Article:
"I've been thinking about...," she pauses as if to find the precise word. "If we're talking about the catharsis of my life ... I've been thinking about enjoying everything more.
"Enjoying life, enjoying every situation, and what do I get out of it?" She measures the words, one at a time. "Not 'What do I get out of this interview,' the publicity ... and if I can sell more albums from this interview."
Bernard's songs reflect this invigorated search for the ever-changing notion of "more." One, in particular, begs explanation.
"Gardenia" is a haunting, introspective ballad Bernard fashioned as a sort of musical tribute to the late dancer-actress Ginger Rogers.
Bernard became acquainted with the late movie star at a 90th birthday bash for Bob Hope.
A woman approached Bernard at the table at which she and her father were sitting. Someone wanted to meet the "Wings" star.
"'I don't know if you've heard of her,'" Bernard says, recalling the words the woman said. "'Her name is Ginger Rogers.'" Here, Bernard becomes animated, snapping her fingers to emphasize the jolt the name delivered. "I was up out of my chair and going over...of course I just fell all over her talking to her."
Rogers, who was frail and seated in a wheel chair, gave the younger performer her telephone number. They became friends. Five years later, the screen legend died. Bernard did some soul searching.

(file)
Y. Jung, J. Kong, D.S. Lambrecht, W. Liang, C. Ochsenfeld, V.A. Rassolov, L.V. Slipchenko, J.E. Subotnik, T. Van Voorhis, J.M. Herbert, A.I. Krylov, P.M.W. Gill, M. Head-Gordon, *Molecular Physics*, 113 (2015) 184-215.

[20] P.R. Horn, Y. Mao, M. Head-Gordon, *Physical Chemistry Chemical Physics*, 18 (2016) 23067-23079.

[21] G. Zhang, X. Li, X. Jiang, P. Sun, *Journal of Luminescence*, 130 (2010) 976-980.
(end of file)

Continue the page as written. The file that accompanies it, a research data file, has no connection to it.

"I didn't spend all the time that I wish I could have spent with her. And when she died, it was such a surprise, and it was a heartache for me."
"This woman was the toast of the country," Bernard explains. "Every woman wanted to be her. Every man wanted to be with her. And then she died alone. And I thought, 'Where were all those people who loved her?'"
Themes of love and loss shape much of the singer's new material. The provocatively titled "Don't Touch Me There" actually refers to Bernard's heart -- and to a relationship long ago which taught a younger, ambitious actress what love was and wasn't.
"I was desperate for this man," she says of this unnamed object of her affections. "Talk about unconditional love -- because I excused all his behavior. He didn't want me to fulfill any of my dreams, and it dawned on me that he didn't love me."
The man in her life now might be country singer Billy Dean if he weren't what's become known in '90s-speak as "geographically undesirable." The two have become close despite their 2,000-miles-plus separation. Dean lives in Nashville.
"And the truth is," Bernard begins, sincerity etched in her forehead. "... I would love to date him. I would love for him to pick me up and go to a movie and go on a date .... We talk on the phone all the time ... I like who I am when I'm with him. He sees things in me that no one else sees in me."
Dean worked with Bernard on her first album, and joined her in singing a couple of the tunes.
But she refers to her latest album, "Don't Touch Me There," as "organic pop." And truth be told, this material should be no great revelation for students of mainstream pop music.